The new 2020 BMW X6 is likely to set a new benchmark for the luxury SUV segment.

Product proliferation is the name of the game, these days, and among the many models introduced over the last decade, few have had the impact of the BMW X6.

The original 2007 model wasn’t the first to attempt merge a sport coupe with a sport-ute – the Infiniti FX usually gets credit – but it was the Bavarian model that really clicked with the market and triggered an avalanche of me-too models from competitors like Mercedes-Benz, Audi and others.

That said, the X6 remains controversial for its distinctively sporty – critics would call it awkward – styling, that of a sports coupe on steroids. Those who like the look will almost certainly appreciate the update while those who don’t will continue to look askance.

Like other recent products, both conventional passenger cars and “Sport-Activity Vehicles,” the new X6 picks up on the larger version of the signature BMW double-kidney grille introduced with the new X7. One of the more distinctive features is the optional, illuminated version of the X6 grille which lights up along with the daytime running lights that surround the X6’s LED headlamps.

(BMW’s Vision M Next is a Plug-In that Runs Like a Sports Car)

The BMW X6 set the standard for the “sport-activity vehicle.s

BMW designers clearly opted for a more aggressive appearance, for the 2020 remake, starting with the larger air intakes on the bumper, as well as the now-standard 20-inch alloy wheels and tires – which can be upgraded to 21 and even 22 inches. The double-bubble roofline flows into twin spoilers above the rear hatch glass. Key design elements, including those spoilers and the “air breathers” that reduce turbulence around the front wheels.

The tires aren’t the only things to grow larger. The third-generation X6 is 1.0 inches longer and 0.6 inches wider, while the wheelbase has been stretched 1.6 inches, improving the earlier model’s moderately cramped interior. The height of the 2020 model has been reduced by 0.7 inches, however, and we’ll have to wait to see how that impacts headroom, especially for those in the rear seat.

Like other recent models, the 2020 BMW X6 opts for a very drive-oriented interior layout. There’s a reconfigurable gauge cluster, a larger head-up display system that comes standard on top-end models, and the latest version of the BMW iDrive infotainment system. Audiophiles, meanwhile, will likely appreciate the Bowers & Wilkins Diamond Surround Sound System, which punches 1,500 watts through 20 separate speakers. For those who prefer to just watch the outside world passing by, the new X6 also offers a panoramic sunroof that’s 83% larger than the outgoing model.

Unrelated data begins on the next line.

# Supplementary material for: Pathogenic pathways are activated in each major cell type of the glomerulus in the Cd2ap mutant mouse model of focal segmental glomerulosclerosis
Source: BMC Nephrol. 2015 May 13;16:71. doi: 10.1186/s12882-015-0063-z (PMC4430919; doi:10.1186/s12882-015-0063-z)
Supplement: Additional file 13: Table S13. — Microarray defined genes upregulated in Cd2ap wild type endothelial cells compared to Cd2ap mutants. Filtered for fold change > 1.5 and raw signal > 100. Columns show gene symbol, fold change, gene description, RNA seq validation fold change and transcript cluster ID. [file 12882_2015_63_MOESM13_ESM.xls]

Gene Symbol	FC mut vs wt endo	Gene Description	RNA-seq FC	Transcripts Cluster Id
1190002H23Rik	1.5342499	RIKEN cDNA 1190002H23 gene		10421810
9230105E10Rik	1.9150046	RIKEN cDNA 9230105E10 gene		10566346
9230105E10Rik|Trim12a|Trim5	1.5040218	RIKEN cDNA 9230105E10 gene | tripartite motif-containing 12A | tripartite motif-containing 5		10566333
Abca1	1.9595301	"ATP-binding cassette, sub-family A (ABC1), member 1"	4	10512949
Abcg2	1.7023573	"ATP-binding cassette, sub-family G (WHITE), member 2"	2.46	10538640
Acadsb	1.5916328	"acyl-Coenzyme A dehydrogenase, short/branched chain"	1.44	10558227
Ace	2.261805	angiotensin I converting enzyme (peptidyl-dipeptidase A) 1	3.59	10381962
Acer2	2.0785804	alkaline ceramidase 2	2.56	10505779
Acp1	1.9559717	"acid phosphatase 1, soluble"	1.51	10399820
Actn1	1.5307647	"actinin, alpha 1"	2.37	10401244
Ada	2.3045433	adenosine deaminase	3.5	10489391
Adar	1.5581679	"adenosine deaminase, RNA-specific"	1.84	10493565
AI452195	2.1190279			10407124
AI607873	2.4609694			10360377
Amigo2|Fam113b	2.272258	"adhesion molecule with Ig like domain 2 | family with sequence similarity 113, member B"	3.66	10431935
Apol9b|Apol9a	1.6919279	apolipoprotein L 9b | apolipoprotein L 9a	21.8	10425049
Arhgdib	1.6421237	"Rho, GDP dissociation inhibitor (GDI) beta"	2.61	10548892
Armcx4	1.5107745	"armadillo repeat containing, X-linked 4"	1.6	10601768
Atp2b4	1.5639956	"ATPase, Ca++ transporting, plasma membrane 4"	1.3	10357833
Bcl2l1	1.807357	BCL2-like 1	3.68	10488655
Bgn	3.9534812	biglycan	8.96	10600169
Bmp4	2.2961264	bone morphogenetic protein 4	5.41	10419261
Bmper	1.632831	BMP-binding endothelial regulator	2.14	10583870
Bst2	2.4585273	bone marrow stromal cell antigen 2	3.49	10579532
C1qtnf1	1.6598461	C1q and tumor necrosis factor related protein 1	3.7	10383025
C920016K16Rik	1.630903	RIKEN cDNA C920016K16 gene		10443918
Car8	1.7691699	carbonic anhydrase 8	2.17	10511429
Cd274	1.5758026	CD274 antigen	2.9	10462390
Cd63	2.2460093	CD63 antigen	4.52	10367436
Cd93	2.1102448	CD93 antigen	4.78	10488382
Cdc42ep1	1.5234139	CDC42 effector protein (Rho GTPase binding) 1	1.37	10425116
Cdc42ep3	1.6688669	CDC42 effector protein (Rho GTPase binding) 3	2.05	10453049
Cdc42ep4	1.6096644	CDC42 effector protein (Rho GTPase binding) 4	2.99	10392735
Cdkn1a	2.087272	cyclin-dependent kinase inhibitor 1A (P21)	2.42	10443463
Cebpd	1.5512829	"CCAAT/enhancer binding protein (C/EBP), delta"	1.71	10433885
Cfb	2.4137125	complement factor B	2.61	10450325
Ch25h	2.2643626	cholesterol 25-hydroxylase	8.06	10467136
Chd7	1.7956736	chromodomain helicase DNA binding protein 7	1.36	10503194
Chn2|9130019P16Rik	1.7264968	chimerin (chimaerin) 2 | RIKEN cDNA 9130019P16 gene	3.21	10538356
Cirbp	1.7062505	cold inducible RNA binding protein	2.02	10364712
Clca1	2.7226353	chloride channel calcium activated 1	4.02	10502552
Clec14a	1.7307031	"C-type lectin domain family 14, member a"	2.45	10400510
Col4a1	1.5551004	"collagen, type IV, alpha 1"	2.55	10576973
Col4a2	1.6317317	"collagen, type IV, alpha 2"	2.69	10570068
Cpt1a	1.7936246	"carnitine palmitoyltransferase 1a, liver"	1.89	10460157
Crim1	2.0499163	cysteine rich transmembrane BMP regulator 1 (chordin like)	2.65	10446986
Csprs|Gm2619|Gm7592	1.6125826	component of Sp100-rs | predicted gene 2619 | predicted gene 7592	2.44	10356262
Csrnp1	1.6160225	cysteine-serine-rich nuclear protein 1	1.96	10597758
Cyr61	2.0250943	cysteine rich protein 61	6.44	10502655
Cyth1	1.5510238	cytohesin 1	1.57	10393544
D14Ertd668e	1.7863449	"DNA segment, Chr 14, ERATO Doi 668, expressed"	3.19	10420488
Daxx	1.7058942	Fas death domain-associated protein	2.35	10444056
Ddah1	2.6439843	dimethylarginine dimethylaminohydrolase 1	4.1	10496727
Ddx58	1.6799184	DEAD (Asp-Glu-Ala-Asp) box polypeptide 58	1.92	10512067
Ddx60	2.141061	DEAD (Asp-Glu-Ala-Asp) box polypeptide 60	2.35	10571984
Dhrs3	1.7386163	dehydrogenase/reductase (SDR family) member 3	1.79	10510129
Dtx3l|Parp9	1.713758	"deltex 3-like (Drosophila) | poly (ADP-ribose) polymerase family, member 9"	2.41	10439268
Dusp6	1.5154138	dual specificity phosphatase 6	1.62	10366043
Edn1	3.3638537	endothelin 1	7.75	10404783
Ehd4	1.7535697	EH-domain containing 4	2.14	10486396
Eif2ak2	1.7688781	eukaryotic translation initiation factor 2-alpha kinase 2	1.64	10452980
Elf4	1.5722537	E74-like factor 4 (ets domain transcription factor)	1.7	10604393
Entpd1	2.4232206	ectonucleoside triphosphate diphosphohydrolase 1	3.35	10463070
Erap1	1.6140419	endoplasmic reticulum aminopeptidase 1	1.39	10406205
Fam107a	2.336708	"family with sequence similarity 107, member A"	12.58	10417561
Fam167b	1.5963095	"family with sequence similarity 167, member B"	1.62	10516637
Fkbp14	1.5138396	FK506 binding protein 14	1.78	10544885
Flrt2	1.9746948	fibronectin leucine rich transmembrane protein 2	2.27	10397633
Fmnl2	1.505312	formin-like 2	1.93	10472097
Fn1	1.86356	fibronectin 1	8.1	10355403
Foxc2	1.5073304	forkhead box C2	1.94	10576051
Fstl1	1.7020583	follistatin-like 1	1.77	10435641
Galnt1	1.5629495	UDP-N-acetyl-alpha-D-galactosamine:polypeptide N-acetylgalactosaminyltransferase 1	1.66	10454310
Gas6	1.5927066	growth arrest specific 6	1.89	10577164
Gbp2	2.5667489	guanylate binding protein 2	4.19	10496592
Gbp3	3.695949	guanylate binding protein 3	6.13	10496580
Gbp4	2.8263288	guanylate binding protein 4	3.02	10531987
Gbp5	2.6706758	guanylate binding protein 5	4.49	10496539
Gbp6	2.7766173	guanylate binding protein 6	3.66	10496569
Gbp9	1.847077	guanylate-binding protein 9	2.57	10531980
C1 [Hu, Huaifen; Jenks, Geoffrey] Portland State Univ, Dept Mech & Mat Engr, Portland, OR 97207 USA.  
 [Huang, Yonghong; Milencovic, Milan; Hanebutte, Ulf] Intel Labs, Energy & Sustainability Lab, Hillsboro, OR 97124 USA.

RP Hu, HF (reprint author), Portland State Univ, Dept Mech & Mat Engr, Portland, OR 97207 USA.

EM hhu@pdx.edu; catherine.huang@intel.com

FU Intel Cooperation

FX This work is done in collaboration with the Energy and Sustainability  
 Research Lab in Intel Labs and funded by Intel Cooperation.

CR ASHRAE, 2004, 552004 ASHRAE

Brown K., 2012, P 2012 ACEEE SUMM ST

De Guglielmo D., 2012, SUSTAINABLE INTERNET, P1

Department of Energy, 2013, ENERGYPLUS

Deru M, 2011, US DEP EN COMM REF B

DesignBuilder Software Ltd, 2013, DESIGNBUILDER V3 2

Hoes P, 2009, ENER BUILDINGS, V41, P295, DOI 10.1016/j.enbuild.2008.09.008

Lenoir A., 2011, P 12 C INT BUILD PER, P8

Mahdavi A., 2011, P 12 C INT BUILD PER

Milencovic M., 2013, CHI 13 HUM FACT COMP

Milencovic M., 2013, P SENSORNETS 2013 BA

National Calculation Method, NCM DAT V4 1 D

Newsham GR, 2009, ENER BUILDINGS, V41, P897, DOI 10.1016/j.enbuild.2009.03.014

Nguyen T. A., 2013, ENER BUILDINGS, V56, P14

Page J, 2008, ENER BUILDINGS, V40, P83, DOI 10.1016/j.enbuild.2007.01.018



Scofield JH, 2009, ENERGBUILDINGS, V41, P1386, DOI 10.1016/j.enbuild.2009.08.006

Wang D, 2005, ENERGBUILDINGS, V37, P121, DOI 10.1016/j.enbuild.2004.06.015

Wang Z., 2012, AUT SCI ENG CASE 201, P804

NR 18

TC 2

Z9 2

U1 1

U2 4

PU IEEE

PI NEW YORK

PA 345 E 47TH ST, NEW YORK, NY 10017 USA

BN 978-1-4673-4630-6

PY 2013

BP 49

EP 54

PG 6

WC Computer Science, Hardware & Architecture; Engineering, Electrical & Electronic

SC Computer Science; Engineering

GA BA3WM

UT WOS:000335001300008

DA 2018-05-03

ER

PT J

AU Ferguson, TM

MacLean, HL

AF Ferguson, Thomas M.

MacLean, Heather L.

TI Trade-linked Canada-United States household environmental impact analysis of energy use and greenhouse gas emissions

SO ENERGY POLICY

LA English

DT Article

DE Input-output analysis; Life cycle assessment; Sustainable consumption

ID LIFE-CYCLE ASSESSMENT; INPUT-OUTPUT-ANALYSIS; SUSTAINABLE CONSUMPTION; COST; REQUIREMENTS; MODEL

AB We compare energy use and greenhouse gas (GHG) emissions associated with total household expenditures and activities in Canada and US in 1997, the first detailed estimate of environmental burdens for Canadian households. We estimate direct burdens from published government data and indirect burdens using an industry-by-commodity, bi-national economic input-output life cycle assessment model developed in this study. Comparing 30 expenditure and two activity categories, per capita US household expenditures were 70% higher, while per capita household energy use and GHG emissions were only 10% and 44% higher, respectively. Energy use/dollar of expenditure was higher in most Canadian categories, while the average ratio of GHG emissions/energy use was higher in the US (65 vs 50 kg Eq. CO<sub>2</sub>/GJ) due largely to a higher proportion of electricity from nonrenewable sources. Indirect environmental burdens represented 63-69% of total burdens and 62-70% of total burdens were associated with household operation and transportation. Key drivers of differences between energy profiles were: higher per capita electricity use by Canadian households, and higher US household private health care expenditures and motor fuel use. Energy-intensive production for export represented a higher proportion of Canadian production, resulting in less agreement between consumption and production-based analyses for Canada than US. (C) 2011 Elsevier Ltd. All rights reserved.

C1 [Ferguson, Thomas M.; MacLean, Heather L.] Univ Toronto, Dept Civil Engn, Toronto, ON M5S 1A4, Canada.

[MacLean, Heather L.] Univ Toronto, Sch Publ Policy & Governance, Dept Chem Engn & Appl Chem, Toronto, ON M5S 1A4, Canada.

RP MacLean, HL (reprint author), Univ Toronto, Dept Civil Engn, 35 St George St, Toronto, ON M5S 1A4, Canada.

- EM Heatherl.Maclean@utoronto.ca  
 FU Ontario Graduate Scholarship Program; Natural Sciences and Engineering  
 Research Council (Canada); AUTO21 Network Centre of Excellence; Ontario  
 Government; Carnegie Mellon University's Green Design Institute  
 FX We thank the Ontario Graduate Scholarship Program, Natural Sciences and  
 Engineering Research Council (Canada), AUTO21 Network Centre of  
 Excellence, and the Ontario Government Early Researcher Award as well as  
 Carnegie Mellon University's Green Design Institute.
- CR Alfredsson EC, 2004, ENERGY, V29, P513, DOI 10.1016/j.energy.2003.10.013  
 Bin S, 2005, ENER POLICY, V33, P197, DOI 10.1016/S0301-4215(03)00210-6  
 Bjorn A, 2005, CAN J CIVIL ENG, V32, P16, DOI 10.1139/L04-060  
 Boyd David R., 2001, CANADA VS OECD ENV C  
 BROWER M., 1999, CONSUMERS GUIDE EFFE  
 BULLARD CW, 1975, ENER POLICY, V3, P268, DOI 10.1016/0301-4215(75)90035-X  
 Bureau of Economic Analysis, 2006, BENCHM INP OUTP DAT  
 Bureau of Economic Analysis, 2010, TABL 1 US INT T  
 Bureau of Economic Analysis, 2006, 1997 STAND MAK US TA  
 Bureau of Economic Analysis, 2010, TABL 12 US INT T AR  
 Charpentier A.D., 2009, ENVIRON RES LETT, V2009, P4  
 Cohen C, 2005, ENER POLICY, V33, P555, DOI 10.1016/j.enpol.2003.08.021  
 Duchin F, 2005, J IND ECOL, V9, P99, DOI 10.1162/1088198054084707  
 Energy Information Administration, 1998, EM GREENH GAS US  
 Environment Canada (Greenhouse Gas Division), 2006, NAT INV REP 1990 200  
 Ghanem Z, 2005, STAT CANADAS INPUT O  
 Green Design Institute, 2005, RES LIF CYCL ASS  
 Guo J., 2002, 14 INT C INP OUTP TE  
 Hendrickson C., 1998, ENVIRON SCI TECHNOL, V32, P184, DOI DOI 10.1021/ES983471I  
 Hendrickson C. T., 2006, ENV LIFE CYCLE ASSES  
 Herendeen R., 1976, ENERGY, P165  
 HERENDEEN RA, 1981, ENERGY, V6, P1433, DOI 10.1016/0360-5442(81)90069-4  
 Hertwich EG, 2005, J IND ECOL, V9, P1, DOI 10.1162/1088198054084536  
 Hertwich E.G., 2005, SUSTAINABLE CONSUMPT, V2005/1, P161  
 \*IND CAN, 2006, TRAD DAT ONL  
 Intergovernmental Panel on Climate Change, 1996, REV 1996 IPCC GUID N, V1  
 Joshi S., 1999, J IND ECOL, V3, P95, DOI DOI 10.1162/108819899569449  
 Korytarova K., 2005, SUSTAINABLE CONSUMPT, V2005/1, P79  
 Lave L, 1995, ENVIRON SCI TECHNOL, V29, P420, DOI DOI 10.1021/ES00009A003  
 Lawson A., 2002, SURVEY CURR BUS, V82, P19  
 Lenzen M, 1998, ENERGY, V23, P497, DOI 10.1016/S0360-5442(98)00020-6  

The interior of the X6 maintains BMW’s usual standard of comfort and opulence.

There are an assortment of Advanced Driver Assistance Systems, or ADAS, that come standard, BMW notes in a news release, including “Blind Spot Detection, Lane Departure Warning, Rear Collision Warning, Frontal Collision Warning and Pedestrian Warning with City Collision Mitigation (which now also alerts the driver if cyclists are detected) Cross Traffic Alert Rear, and Speed Limit Information.”

The optional Driving Assistance Professional Package adds features like Active Cruise Control with Stop & Go, which can operate at speeds up to 130 mph. It also includes “Lane Keeping Assistant with Active Side Collision Protection (which can) help the driver guide the vehicle back onto the correct path with an active turn of the steering wheel.”

(BMW adds Gran Coupe version of 8-Series.)

There will be two inline-six versions of the 2020 X6, the rear-wheel-drive sDrive40i and the all-wheel-drive xDrive40i. They share the same 3.0-liter TwinPower Turbo making 335 horsepower, up 33 from the outgoing model. Torque is rated at 330 pound-feet, up 30 from the 2019 utility vehicle. The RWD version will hit 60 in 5.2 seconds, the xDrive package in 5.3.

The sportier X6 M50i gets a 4.4-liter TwinPower turbocharged eight-cylinder engine making 523 horsepower, 78 more than before, and 553 pound-feet of torque, up 74. The “M” model also gets a sport exhaust system. It can hammer from 0 to 60 in 4.1 seconds, a half-second quicker than the 2019 X6.

All versions share an eight-speed automatic that is paired with the onboard navigation system and the active cruise control radar sensor. That lets the gearbox shift proactively, for example, downshifting ahead of corners and hills.

Top speed for all three X6 variants is 130 mph with all-season tires and 155 with optional performance tires.

(BMW Adds New M Performance Versions of X5, X7)

BMW has yet to release final fuel economy numbers, as well as pricing. The current, 2019 X6 starts at $63,550 plus delivery fees.

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